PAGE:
The possibilities are nearly endless.
As you examine your NCAA Tournament bracket this week and consider the possible game outcomes, it’s easy to get your brain all tangled up. But as you hunt for your March Madness cinderellas and pick your Final Four favorites, take a second to pause and realize that there are some general trends you should follow.
Here are some tips to help you optimize your 2022 March Madness bracket.
Always pick at least one 12-5 upset
One of the most well-known March Madness trends, but it’s known for a reason. A No. 12 seed has advanced out of the first round in 31 of the past 36 tournaments. New Mexico State, UAB, Richmond and the winner of the First Four game between Indiana and Wyoming will make up this year’s No. 12s. At least one of them will be playing into the weekend.
Also, pick at least one No. 13 seed to advance
It’s not as heralded as the previous entry, but the 13-over-4 upset has become pretty common. At least one has taken place in 10 of the previous 13 tournaments. This year, one No. 13 seed really jumps out: the South Dakota State Jackrabbits, who lead the nation in effective field-goal percentage and 3-point percentage. Their game versus Providence will be a highly entertaining battle of styles as the Friars want to slow the pace and get physical; the Jackrabbits want to run and gun. The Friars are only a two-point favorite currently, according to DraftKings Sportsbook.
A No. 2 seed will fall early
This year’s quartet of No. 2 seeds is quite formidable. Big East Tournament champ Villanova; Auburn, which spent a large chunk of this season at the top of the polls; Duke, a young but excessively talented squad led by an all-time great coach making his final tourney journey; and Kentucky, which, when healthy, might be the most talented team in the country. However, history states that one of these teams will be making an early exit. A No. 2 seed has bowed out in either the first or second round in 22 of the previous 24 tournaments. Two such upsets took place last year, including Ohio State’s shocking defeat to 15th-seeded Oral Roberts.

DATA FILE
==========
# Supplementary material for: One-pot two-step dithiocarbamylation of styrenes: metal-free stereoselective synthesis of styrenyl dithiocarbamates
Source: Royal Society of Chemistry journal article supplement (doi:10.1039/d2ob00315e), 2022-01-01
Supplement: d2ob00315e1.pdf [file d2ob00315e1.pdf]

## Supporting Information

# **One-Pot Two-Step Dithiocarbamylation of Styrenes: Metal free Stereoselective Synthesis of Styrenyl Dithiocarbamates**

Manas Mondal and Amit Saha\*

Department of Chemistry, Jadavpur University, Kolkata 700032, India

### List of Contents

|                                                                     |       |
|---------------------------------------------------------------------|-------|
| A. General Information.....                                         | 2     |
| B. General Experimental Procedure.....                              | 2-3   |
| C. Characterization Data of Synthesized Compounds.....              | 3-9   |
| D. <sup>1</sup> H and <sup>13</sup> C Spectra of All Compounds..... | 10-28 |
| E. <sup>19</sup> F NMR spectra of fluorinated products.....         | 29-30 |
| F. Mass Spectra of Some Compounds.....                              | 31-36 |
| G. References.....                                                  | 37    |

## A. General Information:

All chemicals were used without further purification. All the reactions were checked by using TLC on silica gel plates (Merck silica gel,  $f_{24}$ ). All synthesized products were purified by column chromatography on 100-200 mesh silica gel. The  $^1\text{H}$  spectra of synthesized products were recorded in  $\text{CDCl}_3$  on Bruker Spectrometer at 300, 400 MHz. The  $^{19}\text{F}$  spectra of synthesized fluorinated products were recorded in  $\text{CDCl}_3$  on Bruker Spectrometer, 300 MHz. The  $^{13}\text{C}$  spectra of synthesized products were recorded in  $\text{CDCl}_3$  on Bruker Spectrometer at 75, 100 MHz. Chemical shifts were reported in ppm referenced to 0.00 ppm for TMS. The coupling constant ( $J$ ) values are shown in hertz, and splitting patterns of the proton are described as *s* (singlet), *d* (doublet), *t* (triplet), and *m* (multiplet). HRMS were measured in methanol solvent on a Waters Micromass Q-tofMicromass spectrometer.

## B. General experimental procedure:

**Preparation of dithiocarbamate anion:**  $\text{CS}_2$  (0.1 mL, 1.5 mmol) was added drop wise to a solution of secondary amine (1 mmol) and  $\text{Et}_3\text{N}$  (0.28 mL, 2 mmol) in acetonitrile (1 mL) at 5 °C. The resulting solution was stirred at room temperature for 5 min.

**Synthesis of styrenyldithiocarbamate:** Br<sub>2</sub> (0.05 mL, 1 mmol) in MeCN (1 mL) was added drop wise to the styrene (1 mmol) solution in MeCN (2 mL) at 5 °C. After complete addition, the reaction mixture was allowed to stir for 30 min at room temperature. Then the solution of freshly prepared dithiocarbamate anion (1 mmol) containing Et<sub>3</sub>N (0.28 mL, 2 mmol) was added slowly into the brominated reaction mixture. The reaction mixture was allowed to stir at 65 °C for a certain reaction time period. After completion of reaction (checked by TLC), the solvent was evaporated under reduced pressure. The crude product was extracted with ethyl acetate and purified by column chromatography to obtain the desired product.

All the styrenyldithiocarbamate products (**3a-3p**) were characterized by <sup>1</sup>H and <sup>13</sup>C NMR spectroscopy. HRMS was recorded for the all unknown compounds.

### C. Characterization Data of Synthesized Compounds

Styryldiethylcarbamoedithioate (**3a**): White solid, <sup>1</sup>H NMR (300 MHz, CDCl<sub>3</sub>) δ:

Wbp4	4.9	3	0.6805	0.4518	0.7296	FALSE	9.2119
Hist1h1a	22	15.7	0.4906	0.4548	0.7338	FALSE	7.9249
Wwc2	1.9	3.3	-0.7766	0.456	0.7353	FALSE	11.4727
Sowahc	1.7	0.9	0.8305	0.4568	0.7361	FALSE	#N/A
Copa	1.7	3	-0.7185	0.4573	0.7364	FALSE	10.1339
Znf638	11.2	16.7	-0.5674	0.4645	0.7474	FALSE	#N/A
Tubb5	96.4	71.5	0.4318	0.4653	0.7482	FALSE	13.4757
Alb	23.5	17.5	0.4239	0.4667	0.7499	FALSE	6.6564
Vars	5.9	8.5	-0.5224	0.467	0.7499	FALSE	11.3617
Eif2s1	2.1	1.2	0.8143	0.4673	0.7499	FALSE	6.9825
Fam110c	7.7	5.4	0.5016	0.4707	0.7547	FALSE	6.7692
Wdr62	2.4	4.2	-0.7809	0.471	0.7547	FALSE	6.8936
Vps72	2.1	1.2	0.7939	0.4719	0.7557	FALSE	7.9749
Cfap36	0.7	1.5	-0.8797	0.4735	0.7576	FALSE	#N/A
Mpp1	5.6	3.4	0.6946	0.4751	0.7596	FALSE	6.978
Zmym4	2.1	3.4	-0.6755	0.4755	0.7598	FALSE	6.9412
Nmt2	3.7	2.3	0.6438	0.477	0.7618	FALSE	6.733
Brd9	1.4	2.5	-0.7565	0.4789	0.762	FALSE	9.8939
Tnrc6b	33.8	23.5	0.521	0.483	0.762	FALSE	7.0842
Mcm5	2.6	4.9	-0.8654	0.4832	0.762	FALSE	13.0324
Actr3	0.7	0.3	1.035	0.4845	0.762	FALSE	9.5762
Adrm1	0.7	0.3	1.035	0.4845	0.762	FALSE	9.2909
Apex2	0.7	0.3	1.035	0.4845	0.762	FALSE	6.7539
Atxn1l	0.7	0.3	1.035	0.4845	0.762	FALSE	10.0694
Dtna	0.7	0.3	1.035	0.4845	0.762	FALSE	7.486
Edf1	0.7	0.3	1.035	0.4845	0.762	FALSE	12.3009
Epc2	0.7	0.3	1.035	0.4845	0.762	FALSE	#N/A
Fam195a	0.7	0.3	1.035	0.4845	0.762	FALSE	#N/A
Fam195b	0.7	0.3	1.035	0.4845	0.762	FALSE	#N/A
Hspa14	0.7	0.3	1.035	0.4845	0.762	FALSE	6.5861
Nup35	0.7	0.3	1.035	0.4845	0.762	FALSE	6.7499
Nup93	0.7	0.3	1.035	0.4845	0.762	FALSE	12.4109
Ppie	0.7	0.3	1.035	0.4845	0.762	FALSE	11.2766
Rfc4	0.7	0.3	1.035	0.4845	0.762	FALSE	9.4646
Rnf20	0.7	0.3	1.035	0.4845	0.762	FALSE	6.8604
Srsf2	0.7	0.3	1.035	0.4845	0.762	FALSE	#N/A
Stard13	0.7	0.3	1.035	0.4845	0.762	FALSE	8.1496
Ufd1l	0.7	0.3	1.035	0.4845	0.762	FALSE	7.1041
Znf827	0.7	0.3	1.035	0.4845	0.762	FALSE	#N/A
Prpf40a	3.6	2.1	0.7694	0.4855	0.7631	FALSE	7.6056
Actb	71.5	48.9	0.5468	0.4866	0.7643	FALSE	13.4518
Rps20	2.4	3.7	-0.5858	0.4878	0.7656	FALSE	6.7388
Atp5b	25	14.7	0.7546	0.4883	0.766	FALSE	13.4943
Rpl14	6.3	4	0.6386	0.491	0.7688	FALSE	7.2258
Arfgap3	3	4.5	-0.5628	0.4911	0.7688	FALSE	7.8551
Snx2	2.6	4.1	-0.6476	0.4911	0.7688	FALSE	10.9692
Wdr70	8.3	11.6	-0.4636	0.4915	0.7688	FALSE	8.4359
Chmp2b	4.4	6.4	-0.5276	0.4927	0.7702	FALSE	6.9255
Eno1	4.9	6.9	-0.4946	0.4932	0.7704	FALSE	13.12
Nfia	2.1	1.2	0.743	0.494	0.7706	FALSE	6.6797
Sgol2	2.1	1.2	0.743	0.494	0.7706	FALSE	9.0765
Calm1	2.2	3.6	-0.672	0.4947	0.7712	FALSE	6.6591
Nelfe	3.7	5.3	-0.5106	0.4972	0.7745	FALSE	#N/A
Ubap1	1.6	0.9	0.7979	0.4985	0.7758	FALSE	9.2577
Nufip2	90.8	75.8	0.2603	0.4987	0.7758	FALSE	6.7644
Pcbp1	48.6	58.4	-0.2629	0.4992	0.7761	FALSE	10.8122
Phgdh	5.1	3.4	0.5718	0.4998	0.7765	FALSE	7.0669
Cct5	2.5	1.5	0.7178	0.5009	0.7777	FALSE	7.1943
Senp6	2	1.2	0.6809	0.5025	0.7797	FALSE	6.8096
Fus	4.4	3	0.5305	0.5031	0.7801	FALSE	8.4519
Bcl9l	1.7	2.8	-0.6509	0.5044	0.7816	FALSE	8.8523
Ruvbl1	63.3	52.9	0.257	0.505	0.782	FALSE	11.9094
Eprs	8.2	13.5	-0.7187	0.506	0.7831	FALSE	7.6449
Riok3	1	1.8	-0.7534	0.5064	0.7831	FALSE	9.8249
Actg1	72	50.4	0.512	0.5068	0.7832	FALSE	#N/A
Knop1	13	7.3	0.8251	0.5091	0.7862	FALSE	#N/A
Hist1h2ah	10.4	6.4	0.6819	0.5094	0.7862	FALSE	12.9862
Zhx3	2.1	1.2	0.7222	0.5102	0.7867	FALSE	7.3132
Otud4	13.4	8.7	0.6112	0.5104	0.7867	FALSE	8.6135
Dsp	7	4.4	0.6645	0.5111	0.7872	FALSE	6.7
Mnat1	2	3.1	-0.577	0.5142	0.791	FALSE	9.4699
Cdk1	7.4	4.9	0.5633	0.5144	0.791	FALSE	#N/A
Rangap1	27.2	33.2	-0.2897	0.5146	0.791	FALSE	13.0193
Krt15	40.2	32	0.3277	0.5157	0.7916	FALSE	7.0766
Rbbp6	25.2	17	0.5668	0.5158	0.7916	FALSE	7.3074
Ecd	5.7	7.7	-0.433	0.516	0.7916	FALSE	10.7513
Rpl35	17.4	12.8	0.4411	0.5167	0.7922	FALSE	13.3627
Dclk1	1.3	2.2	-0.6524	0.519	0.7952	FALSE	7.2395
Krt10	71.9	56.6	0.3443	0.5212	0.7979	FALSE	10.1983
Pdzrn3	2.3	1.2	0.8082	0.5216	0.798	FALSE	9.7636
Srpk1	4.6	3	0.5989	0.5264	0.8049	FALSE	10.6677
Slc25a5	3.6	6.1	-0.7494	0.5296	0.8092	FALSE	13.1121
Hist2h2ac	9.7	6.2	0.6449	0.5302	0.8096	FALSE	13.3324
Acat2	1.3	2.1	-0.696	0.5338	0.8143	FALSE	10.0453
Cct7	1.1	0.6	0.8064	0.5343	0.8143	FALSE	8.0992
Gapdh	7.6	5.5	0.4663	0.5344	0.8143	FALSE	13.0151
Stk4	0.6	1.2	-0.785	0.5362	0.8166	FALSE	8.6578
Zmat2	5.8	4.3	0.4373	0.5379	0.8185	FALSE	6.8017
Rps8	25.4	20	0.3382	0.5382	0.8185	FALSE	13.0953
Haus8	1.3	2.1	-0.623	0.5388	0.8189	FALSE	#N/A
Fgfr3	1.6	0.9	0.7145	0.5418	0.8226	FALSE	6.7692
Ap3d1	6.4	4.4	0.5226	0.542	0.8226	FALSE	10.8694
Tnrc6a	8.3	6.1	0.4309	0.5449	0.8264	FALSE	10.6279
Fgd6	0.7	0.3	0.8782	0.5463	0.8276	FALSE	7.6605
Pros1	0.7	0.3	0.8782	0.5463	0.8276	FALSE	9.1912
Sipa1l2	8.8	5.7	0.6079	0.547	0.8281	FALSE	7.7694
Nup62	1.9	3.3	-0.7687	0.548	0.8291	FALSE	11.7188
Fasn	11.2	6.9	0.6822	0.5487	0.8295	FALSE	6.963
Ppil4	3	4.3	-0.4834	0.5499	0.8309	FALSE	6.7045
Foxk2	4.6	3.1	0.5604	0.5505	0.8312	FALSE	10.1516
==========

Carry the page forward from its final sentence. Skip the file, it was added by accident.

While an upset of that magnitude is still rare, you should probably advance a No. 7 or a No. 10 seed into the Sweet 16 in your bracket. And if you’re feeling lucky with that team, well ... read on.
A team seeded 7th or lower will likely make the Elite Eight
Some underdogs don’t stop after the first or the second round. A team seeded at No. 7 or lower has advanced to a regional final in nine of the past 10 tournaments. We had two such teams take an extended stay in the 2021 tourney — Oregon State and UCLA. The Bruins reached the Final Four.
Pick an unconventional Final Four
UCLA may have shocked many with their trek from the First Four to the Final Four last year, but you will probably see at least one relatively low seed make the trip to New Orleans for this year’s Final Four. A team seeded 7th or lower has advanced to the Final Four in seven of the past eight tournaments. Since 2011, 10 such teams have made it out of their regional. So while you should have at least one No. 1 seed in your Final Four — but never all four! — make sure you leave some room for a middle seed.
Your champion should be a No. 1 seed
Although it is extremely rare for all four top seeds to make the Final Four — it’s happened only once — it is almost just as rare that none of them reach the final weekend. That’s occurred just twice. Odds are that two No. 1 seeds will advance out of their regional, and one of them will cut down the nets at the end. A No. 1 seed has claimed seven of the last nine titles, including each of the last five. Also worth noting that each of the past five champions were No. 1 seeds in the previous year’s tourney. Gonzaga and Baylor, which met in the title game as No. 1 seeds last season, fit that bill this year.